• Some friends are circumstance-based friends. You hang out with each other and enjoy the friendship while you happen to be brought together in class, or while you share one particular interest etc., but you don't form that strong connection that would make you seek each other out once the moment is passed. That's okay, most people have some friendships like that, and they usually fade out without too much hurt.

            Other people, you form a stronger bond with, so that it's worth it to you to make the effort to keep the friendship going even when life doesn't bring you together.

            Even among longer-term friends, you can have some that you see once a week or more, some you text constantly but don't actually get together with that much, some you only see every month or even once or twice times a year. You can find a balance that works for you and that friend.

            And you get to know those friends' friends, sure, expanding your network as the article suggests, but you don't have to maintain those relationships any further unless you WANT to, if you've hit it off and would like to see them more. Otherwise, they're still people you'll run into at your mutual friend's party, people you could email if you're interested in their career and want to pick their brains, people whose friends you might occasionally be introduced to, etc. Everyone knows that these more distant but still friendly relationships exist, and unless they make an effort to deepen the relationship, no one is bothered by it staying fairly distant.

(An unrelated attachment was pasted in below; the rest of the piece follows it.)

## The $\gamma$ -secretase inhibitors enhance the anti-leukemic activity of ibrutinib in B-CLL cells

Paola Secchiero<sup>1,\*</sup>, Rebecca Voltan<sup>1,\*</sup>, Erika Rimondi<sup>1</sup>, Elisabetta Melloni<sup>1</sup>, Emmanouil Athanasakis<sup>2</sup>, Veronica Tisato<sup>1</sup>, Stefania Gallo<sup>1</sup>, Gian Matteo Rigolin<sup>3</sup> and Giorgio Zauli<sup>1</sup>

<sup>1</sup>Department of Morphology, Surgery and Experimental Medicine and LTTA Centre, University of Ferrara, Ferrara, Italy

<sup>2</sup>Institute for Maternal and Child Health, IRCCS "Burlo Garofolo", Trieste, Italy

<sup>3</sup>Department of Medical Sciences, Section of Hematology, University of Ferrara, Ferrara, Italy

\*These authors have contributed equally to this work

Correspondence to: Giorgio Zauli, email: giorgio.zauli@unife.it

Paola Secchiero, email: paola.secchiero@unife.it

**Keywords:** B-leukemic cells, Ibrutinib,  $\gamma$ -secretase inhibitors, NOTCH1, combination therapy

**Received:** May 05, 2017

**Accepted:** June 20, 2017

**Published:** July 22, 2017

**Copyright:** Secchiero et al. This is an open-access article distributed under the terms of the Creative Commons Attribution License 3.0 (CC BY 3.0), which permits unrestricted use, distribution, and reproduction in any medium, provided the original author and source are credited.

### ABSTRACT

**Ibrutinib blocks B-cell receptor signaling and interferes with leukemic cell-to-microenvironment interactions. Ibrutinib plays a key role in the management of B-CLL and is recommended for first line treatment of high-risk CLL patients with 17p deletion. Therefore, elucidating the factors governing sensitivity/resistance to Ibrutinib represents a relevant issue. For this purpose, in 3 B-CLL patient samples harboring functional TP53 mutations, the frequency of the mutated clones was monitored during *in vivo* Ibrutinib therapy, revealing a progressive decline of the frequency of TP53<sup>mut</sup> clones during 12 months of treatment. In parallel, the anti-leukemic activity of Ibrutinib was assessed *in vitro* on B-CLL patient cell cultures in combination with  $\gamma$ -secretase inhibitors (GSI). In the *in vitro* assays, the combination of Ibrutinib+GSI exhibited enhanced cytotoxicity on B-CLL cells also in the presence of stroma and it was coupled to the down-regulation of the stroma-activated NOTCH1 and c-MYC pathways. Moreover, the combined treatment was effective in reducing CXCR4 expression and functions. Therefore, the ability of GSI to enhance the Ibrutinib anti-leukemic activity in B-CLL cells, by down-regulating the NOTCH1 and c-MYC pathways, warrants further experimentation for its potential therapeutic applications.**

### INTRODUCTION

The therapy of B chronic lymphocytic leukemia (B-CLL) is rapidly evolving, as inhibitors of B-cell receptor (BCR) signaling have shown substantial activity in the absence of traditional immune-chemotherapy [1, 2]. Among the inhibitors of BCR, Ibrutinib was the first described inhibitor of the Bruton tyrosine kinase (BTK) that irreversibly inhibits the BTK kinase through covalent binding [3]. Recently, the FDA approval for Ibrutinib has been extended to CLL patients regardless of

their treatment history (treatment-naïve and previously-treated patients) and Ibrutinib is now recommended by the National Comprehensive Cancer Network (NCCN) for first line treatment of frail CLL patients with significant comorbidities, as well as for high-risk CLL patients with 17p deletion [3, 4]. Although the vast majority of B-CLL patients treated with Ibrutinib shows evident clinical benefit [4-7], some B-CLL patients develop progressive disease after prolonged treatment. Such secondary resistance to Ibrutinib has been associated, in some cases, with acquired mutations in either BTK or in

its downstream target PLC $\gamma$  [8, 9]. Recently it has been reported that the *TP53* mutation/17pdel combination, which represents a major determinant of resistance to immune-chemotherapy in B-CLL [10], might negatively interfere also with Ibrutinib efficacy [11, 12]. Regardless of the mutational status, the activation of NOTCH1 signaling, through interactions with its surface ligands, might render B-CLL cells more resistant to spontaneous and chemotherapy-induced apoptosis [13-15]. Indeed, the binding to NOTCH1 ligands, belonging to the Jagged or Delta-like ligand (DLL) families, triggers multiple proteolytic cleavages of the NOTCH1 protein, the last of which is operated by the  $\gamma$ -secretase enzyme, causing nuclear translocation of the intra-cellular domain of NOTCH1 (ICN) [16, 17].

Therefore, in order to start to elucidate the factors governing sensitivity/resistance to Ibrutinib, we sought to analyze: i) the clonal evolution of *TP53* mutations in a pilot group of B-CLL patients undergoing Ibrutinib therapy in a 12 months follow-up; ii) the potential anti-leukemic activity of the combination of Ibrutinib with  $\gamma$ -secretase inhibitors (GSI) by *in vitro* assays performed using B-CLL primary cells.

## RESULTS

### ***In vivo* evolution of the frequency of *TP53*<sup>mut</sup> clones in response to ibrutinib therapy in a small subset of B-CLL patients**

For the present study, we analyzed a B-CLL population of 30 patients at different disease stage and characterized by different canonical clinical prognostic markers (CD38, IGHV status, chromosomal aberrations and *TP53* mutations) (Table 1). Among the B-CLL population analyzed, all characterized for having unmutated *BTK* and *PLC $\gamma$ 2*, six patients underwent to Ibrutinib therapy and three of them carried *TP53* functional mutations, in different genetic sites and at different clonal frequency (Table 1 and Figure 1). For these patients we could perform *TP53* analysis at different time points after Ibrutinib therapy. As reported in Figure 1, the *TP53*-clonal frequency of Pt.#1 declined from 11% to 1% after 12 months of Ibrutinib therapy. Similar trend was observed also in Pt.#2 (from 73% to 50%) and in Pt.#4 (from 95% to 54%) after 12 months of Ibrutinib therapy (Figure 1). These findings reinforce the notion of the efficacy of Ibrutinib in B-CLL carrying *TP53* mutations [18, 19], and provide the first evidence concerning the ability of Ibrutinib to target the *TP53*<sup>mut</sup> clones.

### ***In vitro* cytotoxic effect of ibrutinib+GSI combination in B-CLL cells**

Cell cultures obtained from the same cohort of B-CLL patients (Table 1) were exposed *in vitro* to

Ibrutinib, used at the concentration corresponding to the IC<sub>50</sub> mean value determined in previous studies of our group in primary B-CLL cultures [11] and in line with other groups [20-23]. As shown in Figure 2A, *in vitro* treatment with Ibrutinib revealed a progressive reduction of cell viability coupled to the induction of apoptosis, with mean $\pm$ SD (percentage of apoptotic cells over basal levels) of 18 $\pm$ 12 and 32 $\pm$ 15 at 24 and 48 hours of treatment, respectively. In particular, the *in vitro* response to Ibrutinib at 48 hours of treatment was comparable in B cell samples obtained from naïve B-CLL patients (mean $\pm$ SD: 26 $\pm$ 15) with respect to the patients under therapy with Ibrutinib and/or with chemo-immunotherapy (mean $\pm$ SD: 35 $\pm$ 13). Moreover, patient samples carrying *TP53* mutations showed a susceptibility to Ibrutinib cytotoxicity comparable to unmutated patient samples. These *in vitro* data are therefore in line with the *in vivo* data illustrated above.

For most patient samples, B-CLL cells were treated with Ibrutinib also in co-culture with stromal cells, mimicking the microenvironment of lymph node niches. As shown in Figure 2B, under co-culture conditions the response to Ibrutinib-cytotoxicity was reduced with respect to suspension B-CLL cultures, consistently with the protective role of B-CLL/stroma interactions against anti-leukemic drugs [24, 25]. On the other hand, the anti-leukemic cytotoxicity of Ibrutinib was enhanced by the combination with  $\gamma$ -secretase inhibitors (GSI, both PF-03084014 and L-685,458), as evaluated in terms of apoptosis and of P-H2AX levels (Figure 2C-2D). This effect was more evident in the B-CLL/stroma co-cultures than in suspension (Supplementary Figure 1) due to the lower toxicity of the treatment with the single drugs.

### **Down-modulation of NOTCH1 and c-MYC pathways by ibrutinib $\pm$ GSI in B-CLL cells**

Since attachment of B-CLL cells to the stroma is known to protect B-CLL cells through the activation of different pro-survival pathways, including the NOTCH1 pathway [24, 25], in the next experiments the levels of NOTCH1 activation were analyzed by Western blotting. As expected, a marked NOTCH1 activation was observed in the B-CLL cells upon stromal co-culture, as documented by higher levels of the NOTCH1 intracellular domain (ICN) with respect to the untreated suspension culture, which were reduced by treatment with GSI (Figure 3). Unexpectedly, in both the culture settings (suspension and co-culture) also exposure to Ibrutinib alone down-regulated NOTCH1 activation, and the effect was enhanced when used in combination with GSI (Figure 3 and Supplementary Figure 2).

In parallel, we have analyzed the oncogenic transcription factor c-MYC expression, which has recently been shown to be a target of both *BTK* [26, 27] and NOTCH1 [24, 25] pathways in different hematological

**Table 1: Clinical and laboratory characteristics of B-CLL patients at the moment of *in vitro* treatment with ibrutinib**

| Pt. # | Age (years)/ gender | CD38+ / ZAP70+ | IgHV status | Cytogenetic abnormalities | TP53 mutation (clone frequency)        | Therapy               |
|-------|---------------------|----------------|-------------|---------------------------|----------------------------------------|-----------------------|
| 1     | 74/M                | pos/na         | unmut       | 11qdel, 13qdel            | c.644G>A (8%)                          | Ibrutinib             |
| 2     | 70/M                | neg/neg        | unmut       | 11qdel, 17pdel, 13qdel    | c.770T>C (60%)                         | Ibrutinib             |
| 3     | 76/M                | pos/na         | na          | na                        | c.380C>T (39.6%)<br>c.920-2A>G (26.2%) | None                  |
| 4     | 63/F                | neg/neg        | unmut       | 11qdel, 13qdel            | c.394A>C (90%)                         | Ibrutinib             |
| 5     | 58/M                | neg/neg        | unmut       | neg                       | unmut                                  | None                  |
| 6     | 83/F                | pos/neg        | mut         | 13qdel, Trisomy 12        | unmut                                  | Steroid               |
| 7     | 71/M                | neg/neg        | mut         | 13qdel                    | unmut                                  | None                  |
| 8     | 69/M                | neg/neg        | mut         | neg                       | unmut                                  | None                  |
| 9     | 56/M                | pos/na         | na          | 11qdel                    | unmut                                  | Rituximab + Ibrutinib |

OTOH, I'll admit that I'm enough of an introvert that, when things get busy, I try to multi-task my friends and go for dinner with two that are friends with each other at the same time. Fill two friend meters at once!

          • Juuuuuulia says:

            Here's another weird thing I learned — not everyone in huge friend groups actually does large amounts of the work because some social groups have people that *like* doing maintenance. I've heard a few accounts from nerdy friends that they got to high school and just got sucked into a social circle because someone from that circle decided that they belonged there. So that person did all the work of inviting them to events and introducing them and then suddenly they were part of the group and didn't do anything for it. So don't feel like everyone in a social group must have some magical skills or something! The people that got sucked in magically sometimes also didn't learn anything; like my roommate in college had that happen and she was terrible at keeping in touch with her friends. Usually, the girl that initiated her called her and she never called first.